Staring at the wall. Unable to get out of bed. Struggling to muster the energy to work or cook dinner. Thinking, “Will I ever be happy again?”
This kind of experience is common in people who live with depression. While many of us might think of depression as feeling constantly sad and alone, it’s often more like a state of numbness or fatigue. But what causes depression? And how do people manage it?
Here’s a guide to break it down.
What is depression?
Depression can show up in different ways. It can be short-lived or long-term. Depression often looks like:
- Feeling empty or numb
- Going through the motions of life like you’re on “autopilot”
- Not caring about things you used to love
- Feeling hopeless or pessimistic
- Feeling constantly tired
- Feeling agitated or cranky
- Living with a mental “fog”
- Assuming the worst in people
- In some cases, having suicidal thoughts
What are the different kinds of depression?
Depression can come in different forms. Some are more severe than others, but all of them are valid.
Major depression. This is perhaps the most well-known type of depression. It can come up as a result of a chemical imbalance in the brain. But it can also come up after traumatic events, major life changes or long periods of loneliness. People with major depression often feel “down” or have a gloomy mood that just won’t seem to go away. They may feel worthless, detached from others and bored.
Persistent depressive disorder (PDD). This is usually less severe than major depression, but often lasts longer. PDD is a “high functioning” form of depression, which might mean you can make it through the day just fine, but you often feel down or hopeless. People who have depressive symptoms for more than two years may be diagnosed with PDD.
Seasonal affective disorder (SAD). Sunlight can help our bodies fight off depression. So when the long, dark winter months come, it can make it hard for the brain to work the way it usually does. This kind of depression is usually predictable each year. It might make you want to hole up in winter and withdraw from other people. But seasonal affective disorder also tends to ease up as the spring and summer come around.
Perinatal depression. This kind of depression comes up when a person becomes pregnant (prenatal depression) or after they give birth (postpartum depression). Learning you’re going to share your body for over nine months—or realizing that you’re now a parent—can be a lot of pressure. And it’s hard to manage that pressure when you’re not getting enough sleep, which is common with pregnancy and parenting. All of that combined can sometimes lead to perinatal depression. This can be especially hard when other people expect new parents or pregnant people to be “glowing” with joy, but instead you might feel tired and withdrawn.
Premenstrual dysphoric disorder. The cramps. The bloating. The irritability. These are all commonly known irks of premenstrual syndrome (PMS). But did you know depression can also be a part of PMS? During ovulation and before the actual period begins, many people experience premenstrual dysphoric disorder (PMDD). This is a stronger form of PMS and can come up due to hormone imbalances. It usually goes away once the period begins.
Bipolar disorder. People who live with bipolar disorder will have bouts of feeling very down and depressed. But bipolar is unique. For someone living with bipolar disorder, those depressed times are countered with times of feeling extremely happy and energized. These “manic” days often include feeling like you can do no wrong, taking big risks or bingeing on something you enjoy. One example might be a random trip to Las Vegas and riding a high of euphoria, only to gamble away your life savings and feeling depressed after.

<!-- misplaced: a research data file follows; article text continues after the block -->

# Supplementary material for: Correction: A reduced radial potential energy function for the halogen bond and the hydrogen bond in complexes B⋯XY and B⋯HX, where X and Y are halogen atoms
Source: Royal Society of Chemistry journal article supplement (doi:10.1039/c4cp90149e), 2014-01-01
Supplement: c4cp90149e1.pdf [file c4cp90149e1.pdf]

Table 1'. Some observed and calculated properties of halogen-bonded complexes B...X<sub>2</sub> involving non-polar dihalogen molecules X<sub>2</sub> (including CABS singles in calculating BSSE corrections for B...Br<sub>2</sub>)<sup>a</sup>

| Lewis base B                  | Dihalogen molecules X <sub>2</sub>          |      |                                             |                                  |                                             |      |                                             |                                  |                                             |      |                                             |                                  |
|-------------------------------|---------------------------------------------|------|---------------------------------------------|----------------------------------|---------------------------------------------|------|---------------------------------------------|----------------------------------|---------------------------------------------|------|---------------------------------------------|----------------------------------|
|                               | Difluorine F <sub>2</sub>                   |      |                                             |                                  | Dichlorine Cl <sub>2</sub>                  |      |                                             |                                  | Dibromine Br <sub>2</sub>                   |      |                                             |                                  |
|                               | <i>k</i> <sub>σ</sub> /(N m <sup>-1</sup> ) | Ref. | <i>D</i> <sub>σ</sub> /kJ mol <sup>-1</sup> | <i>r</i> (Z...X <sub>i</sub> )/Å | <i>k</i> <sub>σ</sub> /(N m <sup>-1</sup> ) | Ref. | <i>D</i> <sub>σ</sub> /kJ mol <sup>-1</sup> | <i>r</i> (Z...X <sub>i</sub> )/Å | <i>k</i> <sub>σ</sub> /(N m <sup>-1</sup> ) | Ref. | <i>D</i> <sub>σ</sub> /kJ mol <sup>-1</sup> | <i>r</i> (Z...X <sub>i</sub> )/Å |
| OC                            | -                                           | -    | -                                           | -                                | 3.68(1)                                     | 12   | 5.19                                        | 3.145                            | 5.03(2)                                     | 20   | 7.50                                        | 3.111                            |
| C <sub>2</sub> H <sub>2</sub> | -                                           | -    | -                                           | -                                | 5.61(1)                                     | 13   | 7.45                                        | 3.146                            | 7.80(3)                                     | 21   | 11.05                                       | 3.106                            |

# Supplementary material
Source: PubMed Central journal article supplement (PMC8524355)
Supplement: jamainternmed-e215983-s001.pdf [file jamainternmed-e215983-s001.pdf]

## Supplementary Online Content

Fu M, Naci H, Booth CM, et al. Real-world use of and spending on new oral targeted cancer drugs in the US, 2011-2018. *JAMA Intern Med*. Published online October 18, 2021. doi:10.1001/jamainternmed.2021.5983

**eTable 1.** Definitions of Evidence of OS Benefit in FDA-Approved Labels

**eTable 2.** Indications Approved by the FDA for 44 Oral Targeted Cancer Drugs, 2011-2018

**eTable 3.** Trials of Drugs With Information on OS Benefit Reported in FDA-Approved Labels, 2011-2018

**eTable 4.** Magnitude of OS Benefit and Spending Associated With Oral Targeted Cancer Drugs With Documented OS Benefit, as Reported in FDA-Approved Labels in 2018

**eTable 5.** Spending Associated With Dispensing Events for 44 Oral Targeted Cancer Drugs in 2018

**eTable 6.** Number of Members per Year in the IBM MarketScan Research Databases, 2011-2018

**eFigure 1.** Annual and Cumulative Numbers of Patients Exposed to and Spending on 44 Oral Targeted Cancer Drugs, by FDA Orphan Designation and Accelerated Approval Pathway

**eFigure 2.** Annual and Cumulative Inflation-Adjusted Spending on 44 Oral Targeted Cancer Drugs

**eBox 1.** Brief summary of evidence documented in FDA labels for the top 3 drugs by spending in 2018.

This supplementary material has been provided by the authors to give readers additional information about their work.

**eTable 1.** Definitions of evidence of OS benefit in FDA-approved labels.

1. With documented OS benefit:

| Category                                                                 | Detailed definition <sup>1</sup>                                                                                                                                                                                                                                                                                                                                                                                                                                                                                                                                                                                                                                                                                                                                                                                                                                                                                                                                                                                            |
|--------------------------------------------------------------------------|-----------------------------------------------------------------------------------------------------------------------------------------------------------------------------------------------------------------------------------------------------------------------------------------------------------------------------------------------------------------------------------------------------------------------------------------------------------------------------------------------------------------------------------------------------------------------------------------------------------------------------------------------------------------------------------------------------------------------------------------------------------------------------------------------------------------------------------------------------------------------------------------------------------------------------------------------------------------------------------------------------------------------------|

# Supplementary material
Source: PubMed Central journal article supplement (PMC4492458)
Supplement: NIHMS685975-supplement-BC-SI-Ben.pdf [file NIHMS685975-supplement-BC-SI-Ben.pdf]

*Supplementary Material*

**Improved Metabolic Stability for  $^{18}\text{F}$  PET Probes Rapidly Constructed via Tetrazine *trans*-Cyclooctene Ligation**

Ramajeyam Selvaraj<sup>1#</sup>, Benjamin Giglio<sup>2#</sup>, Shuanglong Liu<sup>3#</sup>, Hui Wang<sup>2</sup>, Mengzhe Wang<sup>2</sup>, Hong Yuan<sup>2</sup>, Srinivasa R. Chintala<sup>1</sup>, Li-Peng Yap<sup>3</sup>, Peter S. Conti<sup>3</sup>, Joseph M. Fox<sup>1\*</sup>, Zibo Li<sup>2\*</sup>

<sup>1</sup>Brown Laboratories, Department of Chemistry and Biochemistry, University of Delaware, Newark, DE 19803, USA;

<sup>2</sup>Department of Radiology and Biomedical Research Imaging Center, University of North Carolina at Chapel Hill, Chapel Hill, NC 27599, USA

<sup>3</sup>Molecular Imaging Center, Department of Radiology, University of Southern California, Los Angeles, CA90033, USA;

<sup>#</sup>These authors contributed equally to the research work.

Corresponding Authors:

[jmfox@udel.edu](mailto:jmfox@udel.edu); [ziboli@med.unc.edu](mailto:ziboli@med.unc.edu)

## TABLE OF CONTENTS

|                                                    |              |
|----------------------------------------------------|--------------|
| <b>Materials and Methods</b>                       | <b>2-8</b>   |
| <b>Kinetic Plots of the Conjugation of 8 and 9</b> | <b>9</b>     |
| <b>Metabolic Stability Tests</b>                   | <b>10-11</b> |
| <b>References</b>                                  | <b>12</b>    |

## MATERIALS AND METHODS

People who think they may have depression can work with a therapist or healthcare provider to sort out which kind(s) of depression it might be.
What does depression feel like in the body?
Mental health challenges also show up in our bodies. Depression can often look like:
- Changes in appetite or weight
- Having a hard time falling asleep, or sleeping too much
- Aches, pains and headaches
- Digestion problems
- Fidgeting or feeling restless
- Slower movement or speech
How do you manage it?
Depression can be tough. But there are also a lot of treatments that are proven to help! Many people live with depression and are able to manage it with some helpful tools, including:
- Light therapy: a great way to help fight seasonal affective disorder. When there isn’t enough sunlight during winter to help your brain stay balanced, light therapy can prompt your body to make more serotonin and keep your mind more balanced.
- Physical activity: a natural antidepressant. Moving your body is a great way to release endorphins. And endorphins can fight depression. Jogging, dance classes and lifting weights are all great options. But even a simple brisk walk each day can make a huge difference for your mental health.
- Meditation: a simple exercise to soothe your mind and connect to your body. Practice this guided Loving Kindness Meditation each day for a week and see if it helps you feel more positive.
- Practicing gratitude: a tactic to stop those unhelpful thoughts in their tracks and replace them with more helpful thoughts. Our coaches show you how it’s done in this video.
- Counseling: a powerful tool for moving on from the past and overcoming trauma. Therapy is proven to help treat depression and may help you feel more like yourself again.
- Medication: a great option for when your brain could use a little extra help keeping your mind and body in balance. If you think you might have a form of depression, check with your doctor to see if medication might be a good match for you.
Remember, there is no shame in having depression. And there’s no shame in treating it! Work with your doctor or a trained therapist to get the support you need so you can feel like yourself again.